Right now food video is mighty popular.
The figures don’t lie; Buzzfeed’s Proper Tasty Channel, which is king of food hack video production, has 49 million likes.
Unsurprisingly these are professional, well-produced, well-lit, budgeted-for videos, which drive viewers through the platform to create ad revenue.
No user-generated content here.
And the people watching these food hacks are not just ‘cyberloafers’ but those genuinely interested in the recipes and the ‘how-to’ aspects of the videos.
Food hack videos are inventive; they bypass the need for a presenter and cut to the chase by providing visual information about culinary techniques.
But more than that, ad revenue driven media platforms like Proper Tasty or Food Tube or Delish long ago cottoned to the fact that the universal language of food, which all of us share and a majority have an interest in, is a money spinner.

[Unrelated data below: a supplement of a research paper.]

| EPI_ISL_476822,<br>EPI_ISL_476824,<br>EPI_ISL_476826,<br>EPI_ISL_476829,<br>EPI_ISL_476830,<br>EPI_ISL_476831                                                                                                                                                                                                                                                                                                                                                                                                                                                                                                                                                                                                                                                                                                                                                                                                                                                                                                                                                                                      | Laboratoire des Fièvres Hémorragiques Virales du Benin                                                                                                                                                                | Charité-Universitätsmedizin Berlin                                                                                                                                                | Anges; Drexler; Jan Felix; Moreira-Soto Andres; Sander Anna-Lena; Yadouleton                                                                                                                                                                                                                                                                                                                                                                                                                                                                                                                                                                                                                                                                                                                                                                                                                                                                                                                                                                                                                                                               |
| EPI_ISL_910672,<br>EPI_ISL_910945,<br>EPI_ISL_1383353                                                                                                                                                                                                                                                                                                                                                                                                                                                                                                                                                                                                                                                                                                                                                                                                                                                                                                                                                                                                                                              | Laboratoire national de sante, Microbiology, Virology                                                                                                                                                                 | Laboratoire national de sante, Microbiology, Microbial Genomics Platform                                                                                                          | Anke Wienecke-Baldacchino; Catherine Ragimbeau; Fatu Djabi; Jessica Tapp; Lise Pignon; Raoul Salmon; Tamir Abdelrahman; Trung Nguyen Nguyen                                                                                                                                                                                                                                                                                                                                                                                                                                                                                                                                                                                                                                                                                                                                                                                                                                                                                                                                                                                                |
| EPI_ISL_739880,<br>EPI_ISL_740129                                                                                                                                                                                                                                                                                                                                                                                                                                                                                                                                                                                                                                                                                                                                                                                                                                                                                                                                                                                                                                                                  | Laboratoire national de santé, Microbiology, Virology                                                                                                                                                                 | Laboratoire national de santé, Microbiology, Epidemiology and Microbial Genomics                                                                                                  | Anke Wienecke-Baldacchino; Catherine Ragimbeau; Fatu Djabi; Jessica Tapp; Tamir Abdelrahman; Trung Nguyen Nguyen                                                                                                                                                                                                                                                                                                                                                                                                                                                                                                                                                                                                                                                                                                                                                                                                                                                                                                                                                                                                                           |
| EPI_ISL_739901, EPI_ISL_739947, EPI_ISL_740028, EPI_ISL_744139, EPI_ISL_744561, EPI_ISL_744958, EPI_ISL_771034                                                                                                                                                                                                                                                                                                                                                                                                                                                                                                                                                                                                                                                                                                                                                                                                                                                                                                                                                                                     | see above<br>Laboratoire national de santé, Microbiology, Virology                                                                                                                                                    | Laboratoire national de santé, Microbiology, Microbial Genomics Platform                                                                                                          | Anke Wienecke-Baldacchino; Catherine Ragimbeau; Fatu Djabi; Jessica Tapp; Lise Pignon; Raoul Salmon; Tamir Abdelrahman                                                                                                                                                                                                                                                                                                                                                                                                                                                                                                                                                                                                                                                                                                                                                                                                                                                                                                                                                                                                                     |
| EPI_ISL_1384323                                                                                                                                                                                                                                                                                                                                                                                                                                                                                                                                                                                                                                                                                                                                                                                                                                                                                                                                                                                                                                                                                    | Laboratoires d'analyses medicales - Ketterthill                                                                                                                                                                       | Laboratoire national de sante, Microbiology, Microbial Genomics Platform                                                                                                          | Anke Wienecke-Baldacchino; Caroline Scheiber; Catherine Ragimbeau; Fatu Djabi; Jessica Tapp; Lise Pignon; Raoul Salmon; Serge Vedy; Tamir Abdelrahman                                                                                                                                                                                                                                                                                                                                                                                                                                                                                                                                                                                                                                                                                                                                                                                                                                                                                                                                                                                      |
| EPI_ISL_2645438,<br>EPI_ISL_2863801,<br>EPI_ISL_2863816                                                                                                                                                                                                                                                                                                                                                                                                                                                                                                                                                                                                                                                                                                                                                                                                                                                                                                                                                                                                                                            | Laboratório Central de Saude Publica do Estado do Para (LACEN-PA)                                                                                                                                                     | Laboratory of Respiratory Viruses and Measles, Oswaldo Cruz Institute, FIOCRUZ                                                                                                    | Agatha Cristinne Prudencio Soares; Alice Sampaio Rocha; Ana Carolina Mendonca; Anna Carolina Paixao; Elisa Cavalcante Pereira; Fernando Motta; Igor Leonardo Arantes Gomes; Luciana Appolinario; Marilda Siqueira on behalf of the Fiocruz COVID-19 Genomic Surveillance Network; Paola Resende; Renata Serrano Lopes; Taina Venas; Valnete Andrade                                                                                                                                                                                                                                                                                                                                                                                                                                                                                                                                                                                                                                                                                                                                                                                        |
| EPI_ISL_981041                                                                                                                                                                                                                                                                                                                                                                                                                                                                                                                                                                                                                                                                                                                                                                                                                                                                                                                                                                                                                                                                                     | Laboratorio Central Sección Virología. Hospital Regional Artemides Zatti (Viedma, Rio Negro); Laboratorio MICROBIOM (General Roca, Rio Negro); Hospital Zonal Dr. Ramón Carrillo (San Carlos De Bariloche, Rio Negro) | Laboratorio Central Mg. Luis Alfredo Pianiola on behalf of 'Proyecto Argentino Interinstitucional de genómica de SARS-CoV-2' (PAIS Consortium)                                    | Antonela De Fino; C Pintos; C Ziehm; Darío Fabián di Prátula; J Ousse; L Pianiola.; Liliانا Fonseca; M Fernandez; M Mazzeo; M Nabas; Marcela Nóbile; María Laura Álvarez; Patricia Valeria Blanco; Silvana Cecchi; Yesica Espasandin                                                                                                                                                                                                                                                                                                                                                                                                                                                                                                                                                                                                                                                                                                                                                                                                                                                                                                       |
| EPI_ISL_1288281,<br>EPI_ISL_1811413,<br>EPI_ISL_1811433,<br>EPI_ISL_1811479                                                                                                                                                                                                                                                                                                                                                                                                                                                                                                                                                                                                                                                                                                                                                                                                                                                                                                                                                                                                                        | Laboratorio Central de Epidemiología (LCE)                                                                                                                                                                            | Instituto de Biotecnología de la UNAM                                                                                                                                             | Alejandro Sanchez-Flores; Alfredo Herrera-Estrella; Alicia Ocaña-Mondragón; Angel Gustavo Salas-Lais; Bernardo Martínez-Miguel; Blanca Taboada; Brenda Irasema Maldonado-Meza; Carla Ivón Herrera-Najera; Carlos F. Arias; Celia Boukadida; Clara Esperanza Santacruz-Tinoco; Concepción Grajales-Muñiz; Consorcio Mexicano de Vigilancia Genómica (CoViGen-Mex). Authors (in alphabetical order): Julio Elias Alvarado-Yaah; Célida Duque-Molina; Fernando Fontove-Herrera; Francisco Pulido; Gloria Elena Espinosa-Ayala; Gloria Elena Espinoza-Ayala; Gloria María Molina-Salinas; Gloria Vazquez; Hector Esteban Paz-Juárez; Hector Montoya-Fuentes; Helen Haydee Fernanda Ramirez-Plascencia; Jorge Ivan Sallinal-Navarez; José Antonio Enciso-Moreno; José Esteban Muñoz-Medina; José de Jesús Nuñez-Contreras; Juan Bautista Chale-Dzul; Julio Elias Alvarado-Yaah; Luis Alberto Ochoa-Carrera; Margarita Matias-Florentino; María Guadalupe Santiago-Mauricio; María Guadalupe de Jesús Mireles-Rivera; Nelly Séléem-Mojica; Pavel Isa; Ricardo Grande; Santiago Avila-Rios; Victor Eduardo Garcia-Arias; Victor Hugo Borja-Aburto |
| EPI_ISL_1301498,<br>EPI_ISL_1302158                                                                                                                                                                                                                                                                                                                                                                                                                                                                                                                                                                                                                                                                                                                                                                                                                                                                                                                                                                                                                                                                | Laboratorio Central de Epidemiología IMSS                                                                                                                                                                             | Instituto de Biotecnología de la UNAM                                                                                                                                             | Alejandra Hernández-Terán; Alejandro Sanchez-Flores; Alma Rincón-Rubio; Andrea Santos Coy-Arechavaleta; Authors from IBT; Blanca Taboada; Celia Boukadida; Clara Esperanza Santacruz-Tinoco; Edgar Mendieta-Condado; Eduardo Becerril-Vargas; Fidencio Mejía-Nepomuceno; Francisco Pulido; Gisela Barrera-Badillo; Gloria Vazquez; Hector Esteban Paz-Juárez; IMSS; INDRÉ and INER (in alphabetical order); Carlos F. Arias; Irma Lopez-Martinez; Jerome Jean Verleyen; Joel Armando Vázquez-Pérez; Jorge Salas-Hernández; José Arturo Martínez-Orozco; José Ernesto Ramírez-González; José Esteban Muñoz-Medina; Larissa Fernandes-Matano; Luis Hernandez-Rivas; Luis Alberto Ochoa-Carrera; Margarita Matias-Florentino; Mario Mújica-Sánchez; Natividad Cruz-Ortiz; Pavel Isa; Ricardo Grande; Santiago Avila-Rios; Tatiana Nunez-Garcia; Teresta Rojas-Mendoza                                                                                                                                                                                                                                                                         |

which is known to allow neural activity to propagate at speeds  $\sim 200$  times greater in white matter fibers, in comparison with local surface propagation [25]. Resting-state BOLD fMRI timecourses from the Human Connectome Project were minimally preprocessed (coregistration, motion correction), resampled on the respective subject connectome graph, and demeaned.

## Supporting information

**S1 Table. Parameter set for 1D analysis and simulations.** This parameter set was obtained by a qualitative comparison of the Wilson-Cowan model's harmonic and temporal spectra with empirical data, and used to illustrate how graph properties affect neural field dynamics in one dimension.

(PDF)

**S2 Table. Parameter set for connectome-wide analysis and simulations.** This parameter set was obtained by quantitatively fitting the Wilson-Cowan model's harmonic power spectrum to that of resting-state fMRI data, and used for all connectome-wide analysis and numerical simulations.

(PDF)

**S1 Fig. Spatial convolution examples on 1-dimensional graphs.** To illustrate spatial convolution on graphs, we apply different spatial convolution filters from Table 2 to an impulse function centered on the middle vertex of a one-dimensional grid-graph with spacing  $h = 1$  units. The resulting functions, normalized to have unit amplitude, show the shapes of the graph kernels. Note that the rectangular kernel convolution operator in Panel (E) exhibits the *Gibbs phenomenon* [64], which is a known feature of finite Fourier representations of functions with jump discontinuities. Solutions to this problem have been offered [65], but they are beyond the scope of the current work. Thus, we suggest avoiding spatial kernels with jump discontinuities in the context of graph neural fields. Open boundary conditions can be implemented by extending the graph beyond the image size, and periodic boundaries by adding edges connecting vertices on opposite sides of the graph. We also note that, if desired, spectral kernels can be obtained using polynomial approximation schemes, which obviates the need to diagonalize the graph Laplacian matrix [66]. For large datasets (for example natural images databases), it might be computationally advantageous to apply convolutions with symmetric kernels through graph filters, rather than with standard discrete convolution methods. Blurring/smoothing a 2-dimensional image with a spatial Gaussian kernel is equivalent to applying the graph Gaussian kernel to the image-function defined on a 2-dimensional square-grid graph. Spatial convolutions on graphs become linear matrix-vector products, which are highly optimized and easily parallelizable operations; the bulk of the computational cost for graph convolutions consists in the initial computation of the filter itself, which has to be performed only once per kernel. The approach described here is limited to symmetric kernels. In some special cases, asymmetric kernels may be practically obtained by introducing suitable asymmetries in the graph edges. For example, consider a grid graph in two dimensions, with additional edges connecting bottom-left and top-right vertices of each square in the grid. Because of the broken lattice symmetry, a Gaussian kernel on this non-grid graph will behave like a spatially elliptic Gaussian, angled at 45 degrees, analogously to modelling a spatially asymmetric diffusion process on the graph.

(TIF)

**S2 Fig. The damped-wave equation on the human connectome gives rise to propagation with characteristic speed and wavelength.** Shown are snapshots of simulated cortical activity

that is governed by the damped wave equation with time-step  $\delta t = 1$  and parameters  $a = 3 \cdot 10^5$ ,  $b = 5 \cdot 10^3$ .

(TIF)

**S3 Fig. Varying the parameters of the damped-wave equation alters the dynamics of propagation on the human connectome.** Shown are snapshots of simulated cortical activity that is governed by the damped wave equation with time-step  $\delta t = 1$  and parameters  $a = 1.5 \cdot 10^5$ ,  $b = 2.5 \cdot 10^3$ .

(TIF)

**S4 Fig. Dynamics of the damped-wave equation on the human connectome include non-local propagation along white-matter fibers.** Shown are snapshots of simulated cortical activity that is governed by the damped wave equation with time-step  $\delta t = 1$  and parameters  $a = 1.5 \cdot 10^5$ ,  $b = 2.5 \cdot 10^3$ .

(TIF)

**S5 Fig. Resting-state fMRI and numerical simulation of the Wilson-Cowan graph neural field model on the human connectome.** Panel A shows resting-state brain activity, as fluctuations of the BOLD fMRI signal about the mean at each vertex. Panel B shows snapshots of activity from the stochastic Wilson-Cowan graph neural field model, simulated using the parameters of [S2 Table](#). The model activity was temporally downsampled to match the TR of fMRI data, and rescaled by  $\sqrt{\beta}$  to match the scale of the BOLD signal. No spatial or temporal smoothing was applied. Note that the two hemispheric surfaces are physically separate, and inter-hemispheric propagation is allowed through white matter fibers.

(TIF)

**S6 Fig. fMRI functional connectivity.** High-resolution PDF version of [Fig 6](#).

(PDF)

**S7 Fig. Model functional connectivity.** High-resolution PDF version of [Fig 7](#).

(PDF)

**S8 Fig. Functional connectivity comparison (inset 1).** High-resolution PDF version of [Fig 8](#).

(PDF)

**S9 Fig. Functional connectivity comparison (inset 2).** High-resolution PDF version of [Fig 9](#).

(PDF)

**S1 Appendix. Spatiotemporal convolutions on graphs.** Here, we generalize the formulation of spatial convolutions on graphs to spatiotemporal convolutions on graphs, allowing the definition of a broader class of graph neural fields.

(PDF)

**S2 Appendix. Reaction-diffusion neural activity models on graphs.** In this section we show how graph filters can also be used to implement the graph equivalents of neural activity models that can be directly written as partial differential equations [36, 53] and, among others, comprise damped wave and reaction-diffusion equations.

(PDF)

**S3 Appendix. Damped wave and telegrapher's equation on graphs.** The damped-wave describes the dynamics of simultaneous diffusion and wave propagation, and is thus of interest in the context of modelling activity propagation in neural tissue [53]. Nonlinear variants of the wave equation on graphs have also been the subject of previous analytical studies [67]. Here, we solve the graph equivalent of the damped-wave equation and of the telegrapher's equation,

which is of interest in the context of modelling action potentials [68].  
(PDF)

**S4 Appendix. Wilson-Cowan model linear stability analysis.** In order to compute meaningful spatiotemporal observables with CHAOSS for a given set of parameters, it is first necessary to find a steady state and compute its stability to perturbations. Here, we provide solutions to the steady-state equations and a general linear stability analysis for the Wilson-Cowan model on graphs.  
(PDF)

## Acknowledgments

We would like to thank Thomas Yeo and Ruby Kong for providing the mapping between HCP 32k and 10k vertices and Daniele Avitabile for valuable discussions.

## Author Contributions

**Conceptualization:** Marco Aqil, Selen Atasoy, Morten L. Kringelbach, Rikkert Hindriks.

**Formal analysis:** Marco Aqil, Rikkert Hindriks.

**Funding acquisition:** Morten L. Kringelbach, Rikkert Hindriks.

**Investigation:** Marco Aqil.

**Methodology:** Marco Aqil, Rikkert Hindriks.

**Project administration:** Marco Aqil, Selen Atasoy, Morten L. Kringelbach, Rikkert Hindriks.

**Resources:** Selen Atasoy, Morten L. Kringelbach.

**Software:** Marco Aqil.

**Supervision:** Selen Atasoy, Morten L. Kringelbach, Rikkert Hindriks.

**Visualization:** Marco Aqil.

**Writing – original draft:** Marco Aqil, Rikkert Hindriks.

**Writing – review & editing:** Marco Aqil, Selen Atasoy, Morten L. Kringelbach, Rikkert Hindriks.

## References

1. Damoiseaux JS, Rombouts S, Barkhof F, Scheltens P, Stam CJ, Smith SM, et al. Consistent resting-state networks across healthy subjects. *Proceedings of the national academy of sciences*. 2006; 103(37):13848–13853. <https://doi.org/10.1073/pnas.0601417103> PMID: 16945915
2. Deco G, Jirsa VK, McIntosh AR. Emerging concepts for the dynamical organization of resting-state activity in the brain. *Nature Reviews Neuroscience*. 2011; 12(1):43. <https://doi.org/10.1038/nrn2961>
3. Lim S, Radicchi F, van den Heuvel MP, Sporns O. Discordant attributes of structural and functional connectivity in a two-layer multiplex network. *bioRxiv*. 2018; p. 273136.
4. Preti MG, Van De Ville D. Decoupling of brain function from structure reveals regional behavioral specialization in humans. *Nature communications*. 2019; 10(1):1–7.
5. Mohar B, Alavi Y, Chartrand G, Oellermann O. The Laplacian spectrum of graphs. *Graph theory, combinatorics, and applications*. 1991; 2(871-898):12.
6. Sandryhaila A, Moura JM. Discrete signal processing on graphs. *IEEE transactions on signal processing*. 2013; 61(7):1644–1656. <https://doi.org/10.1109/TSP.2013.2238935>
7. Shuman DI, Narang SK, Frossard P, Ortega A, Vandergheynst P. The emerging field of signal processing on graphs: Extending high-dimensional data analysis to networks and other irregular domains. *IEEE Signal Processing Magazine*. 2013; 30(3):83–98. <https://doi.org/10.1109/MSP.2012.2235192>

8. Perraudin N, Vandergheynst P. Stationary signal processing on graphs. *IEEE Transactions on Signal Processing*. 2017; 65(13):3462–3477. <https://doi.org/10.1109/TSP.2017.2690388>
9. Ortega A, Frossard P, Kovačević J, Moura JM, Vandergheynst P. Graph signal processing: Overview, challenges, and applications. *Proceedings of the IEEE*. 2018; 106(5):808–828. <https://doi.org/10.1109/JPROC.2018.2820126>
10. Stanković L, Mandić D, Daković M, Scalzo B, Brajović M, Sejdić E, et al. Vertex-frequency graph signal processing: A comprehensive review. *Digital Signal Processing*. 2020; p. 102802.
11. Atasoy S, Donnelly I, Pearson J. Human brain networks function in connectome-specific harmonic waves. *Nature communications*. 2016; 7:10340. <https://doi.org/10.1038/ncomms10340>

Food, like sex, is a no-brainer for show and tell and making dough (no pun intended).
Food hacks are a short form entry into the world of food video and all it can bring in terms of audience, engagement and brand recognition.
Even more so because as a format that has only just come into its own with its jangly music, semi-animated, overhead-angle, graphic- driven, ‘eazy’-recipe identity, trending high and grabbing eyeballs style.
But don’t be fooled by a food hack video’s seeming simplicity.
They are devilish complex little shorts to make; relying as they do on well-conceived but quick recipe ideas, food preparation and the high production needs of studio-lit, precision filming.
Anyone who tells you otherwise has never made one of them.
This is our latest kitchen hack (a derivation on the food hack) which plays with the stop-motion format to create a fun short.